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“But your god-self dwells not alone in your being. Much in you is still man, and much in you is not yet man, but a shapeless pigmy that walks asleep in the mist searching for its own awakening.” -Khalil Gibran

Physiology

Two of the most ancient systems in our bodies are the sympathetic and parasympathetic nervous systems. They work in consort, and regulate opposing aspects of our physiology.

Sympathetic: stress response, fight/flight/freeze, increased heart rate, bronchiole in lungs dilate, pupils dilate, digestion inhibited, functions not critical to immediate survival shut…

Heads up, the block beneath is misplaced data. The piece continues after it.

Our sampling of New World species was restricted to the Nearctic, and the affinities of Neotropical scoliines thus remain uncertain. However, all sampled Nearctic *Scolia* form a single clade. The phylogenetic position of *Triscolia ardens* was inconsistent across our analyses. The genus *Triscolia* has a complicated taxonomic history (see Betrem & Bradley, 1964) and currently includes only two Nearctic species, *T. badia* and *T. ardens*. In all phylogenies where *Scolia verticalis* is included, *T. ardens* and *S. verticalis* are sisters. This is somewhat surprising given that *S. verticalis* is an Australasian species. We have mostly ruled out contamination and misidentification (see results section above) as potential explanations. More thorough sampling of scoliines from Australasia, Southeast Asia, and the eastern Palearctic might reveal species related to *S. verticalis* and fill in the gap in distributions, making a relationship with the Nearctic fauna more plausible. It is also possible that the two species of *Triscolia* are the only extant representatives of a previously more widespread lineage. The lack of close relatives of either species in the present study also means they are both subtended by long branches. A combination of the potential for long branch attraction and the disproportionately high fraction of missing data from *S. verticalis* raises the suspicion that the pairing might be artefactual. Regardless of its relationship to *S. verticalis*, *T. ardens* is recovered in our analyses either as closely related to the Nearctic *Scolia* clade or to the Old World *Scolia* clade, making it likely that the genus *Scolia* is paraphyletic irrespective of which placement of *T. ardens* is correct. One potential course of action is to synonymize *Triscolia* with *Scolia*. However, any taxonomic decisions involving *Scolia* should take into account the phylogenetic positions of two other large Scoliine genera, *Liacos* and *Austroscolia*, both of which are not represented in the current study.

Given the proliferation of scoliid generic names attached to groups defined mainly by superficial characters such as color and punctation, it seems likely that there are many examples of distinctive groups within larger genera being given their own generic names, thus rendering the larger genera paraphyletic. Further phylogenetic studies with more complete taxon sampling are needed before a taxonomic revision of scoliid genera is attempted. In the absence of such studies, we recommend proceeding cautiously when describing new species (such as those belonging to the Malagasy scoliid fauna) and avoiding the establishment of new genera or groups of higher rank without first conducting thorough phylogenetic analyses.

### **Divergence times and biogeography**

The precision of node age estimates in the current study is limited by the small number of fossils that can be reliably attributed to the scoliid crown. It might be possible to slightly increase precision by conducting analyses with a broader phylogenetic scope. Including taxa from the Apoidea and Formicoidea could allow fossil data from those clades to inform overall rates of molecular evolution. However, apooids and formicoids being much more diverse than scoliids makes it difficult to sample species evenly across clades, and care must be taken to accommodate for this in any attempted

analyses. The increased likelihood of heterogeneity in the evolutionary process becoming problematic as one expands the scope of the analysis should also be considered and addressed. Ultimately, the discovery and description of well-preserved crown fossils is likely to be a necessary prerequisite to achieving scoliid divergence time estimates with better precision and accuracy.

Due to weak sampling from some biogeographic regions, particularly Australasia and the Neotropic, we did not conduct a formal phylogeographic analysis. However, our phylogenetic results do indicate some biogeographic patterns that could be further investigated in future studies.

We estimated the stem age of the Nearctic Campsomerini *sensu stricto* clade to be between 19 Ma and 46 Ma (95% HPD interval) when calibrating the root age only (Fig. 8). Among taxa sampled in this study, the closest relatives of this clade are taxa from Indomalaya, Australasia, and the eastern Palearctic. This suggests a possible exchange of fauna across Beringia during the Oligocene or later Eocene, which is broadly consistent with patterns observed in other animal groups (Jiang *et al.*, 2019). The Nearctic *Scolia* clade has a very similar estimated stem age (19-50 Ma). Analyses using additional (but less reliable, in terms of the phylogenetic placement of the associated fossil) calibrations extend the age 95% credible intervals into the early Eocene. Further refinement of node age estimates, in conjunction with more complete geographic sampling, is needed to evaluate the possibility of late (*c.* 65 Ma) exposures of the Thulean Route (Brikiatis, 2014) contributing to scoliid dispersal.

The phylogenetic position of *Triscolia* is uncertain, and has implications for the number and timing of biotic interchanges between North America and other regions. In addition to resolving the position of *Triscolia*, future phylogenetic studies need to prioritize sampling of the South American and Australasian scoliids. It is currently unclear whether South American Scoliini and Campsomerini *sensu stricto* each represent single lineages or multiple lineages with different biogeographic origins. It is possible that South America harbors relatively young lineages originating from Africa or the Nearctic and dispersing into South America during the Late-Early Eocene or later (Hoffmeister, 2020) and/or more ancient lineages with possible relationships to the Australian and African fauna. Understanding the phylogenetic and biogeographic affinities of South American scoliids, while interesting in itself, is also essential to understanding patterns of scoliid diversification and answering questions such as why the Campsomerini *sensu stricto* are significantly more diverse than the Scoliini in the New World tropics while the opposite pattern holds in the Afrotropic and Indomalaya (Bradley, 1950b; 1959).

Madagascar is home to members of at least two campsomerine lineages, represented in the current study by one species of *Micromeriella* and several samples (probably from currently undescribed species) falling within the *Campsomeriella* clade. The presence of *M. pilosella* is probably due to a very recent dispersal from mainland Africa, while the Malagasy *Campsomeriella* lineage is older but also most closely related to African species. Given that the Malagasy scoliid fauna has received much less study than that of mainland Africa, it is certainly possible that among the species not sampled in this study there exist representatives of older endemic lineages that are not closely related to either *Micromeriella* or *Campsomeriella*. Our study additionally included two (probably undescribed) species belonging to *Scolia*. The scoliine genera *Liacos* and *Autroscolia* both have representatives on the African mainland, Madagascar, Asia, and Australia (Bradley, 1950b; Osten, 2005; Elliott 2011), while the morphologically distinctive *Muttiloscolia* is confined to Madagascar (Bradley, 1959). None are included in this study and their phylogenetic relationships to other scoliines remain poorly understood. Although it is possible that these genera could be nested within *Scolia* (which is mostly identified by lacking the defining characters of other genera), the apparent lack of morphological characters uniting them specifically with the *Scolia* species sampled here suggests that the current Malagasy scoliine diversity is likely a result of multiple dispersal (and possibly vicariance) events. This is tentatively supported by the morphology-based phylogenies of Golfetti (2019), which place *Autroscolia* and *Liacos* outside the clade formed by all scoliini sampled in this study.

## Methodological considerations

About

Sasha Manu

Insatiably curious student of life | Writing about Physics, Philosophy, & Dharma | Newsletter @ apsis.substack.com | Personal Site @ sashamanu.com